The tribe's Business Committee allegedly did not advertise the position and hired Cavilla in October 2005. The commission said this caused concern and that Cavilla was fired about a year later but was later rehired as a slot machine expert.
Scott allegedly told the commission that Cavilla was the tribe's only general manager who demonstrated expertise in understanding cash flow, financial statements and other casino activities.
"From the Town King Scott's point of view, the casino was successful when the general managers followed what Titan recommended," the commission said in the notice.
The tribe promoted Darin Price to general manager in August 2006. Records show that Price complained that Titan was double-billing the tribe and alleged that two of the tribe's Business Committee members had accepted gifts from Titan. He was fired around April 2008, records show.
According to the commission, Titan representative Alelino Vazquez told Titan's president, Michael Gavenchak, and chief executive officer, Anthony DeMartino, that Price had "gone bad" by trying to convince the tribe's Business Committee that Titan wasn't necessary.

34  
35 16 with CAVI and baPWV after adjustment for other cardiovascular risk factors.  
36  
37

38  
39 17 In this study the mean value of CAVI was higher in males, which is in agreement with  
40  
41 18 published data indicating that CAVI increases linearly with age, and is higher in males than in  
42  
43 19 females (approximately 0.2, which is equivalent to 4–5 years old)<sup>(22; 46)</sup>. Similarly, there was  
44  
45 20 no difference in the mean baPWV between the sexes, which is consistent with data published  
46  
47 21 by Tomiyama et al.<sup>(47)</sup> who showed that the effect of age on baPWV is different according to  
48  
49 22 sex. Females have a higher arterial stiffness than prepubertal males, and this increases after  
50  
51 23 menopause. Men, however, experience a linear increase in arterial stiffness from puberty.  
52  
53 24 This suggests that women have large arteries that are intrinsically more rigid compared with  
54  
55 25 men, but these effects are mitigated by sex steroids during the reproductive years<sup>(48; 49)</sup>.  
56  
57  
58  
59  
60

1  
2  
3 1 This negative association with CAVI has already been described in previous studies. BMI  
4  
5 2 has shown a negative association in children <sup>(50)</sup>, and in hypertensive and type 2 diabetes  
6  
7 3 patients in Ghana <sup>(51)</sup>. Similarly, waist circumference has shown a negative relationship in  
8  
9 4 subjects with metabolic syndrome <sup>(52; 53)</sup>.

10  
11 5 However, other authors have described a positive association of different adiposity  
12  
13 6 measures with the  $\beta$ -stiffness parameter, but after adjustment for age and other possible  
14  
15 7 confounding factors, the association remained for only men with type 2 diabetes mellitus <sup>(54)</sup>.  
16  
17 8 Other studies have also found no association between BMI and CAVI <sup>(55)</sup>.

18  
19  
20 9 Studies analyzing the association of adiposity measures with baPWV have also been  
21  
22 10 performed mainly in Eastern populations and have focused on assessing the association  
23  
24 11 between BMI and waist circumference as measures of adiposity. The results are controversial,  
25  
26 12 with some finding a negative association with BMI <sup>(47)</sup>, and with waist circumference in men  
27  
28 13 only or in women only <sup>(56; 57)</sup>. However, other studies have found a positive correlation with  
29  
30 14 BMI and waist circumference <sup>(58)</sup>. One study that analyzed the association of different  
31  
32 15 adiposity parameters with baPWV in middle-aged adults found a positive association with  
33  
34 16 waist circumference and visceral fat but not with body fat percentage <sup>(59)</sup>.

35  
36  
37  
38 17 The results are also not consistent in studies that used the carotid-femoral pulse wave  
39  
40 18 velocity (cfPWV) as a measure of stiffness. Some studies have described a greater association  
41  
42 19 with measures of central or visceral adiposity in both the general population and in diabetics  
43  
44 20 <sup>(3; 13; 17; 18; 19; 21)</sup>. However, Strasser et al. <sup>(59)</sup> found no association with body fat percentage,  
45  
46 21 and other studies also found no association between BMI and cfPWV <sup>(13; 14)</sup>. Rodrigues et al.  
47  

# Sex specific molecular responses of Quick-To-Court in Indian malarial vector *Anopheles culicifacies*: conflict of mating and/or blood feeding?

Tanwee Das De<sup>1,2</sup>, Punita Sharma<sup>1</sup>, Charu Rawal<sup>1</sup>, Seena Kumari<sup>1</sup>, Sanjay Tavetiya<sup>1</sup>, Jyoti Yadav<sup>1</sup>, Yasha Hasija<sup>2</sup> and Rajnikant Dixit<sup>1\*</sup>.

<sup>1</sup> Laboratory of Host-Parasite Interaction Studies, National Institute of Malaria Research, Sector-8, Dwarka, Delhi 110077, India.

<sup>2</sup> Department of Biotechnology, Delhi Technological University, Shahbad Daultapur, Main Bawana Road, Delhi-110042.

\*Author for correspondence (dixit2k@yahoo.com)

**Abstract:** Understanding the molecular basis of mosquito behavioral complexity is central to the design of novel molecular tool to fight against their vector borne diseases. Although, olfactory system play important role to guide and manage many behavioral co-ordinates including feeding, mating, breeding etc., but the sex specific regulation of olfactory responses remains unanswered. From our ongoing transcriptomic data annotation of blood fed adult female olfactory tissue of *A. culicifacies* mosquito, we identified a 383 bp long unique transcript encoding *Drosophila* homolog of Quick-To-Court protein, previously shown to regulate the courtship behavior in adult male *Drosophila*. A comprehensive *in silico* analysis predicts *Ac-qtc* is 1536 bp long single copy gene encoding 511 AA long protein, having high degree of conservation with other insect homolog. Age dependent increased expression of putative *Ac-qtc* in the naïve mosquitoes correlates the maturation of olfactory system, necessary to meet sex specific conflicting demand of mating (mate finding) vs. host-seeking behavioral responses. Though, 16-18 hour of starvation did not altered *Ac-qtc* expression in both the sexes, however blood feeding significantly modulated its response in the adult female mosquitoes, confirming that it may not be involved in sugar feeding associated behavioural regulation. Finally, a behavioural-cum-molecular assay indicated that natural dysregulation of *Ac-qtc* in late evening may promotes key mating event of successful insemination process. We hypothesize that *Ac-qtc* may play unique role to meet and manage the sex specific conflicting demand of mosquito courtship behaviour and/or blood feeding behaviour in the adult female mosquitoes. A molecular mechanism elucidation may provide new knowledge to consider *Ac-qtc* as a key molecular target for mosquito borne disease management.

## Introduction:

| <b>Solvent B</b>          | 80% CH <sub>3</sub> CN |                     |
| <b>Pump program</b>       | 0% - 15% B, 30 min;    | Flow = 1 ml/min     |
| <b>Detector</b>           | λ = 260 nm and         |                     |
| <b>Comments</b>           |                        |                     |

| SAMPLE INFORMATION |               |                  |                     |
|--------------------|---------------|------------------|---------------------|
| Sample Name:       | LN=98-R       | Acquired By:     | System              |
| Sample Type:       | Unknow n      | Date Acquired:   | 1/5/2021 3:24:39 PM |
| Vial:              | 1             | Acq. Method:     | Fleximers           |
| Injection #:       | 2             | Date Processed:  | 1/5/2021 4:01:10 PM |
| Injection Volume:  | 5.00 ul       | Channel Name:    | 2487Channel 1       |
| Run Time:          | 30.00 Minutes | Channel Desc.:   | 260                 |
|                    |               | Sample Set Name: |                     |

"In response, Gavenchak instructed Vazquez to get Price fired. Within three weeks, the (Business Committee) fired Price," the commission reported.
The commission expressed concerns to the tribe in July 2006 that Titan was "exerting management" over the casino and advised the parties to reassess their relationship in an effort to address the commission's concerns.
The tribe responded in August 2006, insisting that Titan was not engaged in any management activities but was only making recommendations to the tribe's Business Committee and did not have decision-making authority.
But the commission reviewed Titan's monthly reports and concluded that Titan and Mercury were managing the casino and "did not recommend so much as decide what needed to be done and then do it."
Murphy said his clients are being victimized by the internal politics of the tribe and its Business Committee.
"They have active enemies. It's my opinion that these enemies of Titan are at the heart of these complaints," Murphy said.
The Thlopthlocco Tribal Town is a federally recognized tribe and has been gaming on trust property at the Interstate 40 location since the early 1990s.
Scott did not return phone calls Friday.
Rough pronunciation for Thlopthlocco: Rop-roc-co
The name of this Creek tribal town is said to be difficult for English speakers to pronounce. The sound of the "thl" is usually spelled with an "r" in the Muscogee language and is pronounced in English by placing the tongue halfway between the "th" position and the "l" position.
Source: Oklahoma Historical Society
Original Print Headline: Tribal town hit with federal violation
Susan Hylton 918-581-8381
The Thlopthlocco Creek Tribal Town Golden Pony Casino in Okemah is seen here. CHRISTOPHER SMITH/ Tulsa World
A sign advertises the Thlopthlocco Creek Tribal Town Golden Pony Casino in Okemah. CHRISTOPHER SMITH/ Tulsa World